A false equivalence or false equivalency is an informal fallacy in which an equivalence is drawn between two subjects based on flawed or false reasoning. This fallacy is categorized as a fallacy of inconsistency. Colloquially, a false equivalence is often called "comparing apples and oranges."
This fallacy is committed when one shared trait between two subjects is assumed to show equivalence, especially in order of magnitude, when equivalence is not necessarily the logical result. False equivalence is a common result when an anecdotal similarity is pointed out as equal, but the claim of equivalence does not bear scrutiny because the similarity is based on oversimplification or ignorance of additional factors. The pattern of the fallacy is often as such:
If A is the set containing c and d, and B is the set containing d and e, then since they both contain d, A and B are equal.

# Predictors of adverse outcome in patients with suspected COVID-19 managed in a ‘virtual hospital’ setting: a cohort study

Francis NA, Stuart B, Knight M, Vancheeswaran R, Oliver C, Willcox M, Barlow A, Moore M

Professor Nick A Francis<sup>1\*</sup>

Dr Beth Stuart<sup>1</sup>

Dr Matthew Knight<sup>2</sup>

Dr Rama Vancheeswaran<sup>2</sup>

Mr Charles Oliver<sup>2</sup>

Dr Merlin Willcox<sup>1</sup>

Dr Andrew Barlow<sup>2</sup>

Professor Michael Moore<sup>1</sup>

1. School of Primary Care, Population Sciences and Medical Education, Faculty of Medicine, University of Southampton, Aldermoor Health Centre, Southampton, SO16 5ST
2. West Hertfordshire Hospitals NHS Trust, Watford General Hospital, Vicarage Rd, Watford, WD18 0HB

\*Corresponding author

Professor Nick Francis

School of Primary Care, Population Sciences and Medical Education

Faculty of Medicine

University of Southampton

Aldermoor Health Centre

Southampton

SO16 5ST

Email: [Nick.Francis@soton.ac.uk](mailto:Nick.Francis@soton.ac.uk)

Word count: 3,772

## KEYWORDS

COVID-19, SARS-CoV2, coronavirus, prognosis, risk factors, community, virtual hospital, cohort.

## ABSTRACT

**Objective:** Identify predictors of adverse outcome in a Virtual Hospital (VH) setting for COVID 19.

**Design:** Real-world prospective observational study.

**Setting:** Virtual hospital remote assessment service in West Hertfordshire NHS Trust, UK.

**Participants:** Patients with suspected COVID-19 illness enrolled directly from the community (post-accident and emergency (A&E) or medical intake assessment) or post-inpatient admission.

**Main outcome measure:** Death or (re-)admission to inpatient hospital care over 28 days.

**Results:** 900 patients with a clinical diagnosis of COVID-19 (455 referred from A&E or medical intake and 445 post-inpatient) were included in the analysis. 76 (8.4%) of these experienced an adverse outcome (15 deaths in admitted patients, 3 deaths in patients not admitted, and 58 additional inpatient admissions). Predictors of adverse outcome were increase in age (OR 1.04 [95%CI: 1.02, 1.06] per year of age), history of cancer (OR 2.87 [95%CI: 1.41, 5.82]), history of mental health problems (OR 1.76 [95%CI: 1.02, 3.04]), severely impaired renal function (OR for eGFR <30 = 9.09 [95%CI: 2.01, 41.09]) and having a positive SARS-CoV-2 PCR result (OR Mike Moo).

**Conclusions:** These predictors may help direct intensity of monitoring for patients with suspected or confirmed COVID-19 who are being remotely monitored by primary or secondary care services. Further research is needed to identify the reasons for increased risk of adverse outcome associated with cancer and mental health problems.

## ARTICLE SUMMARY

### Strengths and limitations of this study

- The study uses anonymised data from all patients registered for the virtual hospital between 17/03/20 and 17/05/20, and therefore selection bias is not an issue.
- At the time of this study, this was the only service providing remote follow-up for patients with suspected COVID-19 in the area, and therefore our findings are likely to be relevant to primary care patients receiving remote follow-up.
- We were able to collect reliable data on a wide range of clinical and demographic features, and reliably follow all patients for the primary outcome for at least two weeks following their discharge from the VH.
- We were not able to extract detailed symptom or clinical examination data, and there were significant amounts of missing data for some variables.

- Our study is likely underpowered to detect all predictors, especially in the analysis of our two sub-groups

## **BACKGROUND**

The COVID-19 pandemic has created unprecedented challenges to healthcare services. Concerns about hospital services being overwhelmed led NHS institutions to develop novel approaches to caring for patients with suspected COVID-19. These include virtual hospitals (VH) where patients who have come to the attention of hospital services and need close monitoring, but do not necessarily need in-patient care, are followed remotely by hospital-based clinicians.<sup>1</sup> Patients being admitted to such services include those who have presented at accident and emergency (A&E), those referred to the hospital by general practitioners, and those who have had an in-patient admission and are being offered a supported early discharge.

In an even more fallacious version, d is not required to exist in both sets; merely a similarity of two items d_1 in set A and d_2 in set B is cited to assert equivalence among the sets.
If apples and oranges are both fruits, and there are seeds in both apples and oranges, then since they both contain seeds, apples and oranges are equal.
The following statements are examples of false equivalence:
False equivalence arguments are often used in journalism and in politics, where flaws of one politician may be compared to flaws of a wholly different nature of another.
Thomas Patterson of the Shorenstein Center on Media, Politics and Public Policy at Harvard University wrote about the false equivalency used by the media during the 2016 United States presidential election:
[F]alse equivalencies are developing on a grand scale as a result of relentlessly negative news. If everything and everyone is portrayed negatively, there's a leveling effect that opens the door to charlatans. The press historically has helped citizens recognize the difference between the earnest politician and the pretender. Today's news coverage blurs the distinction.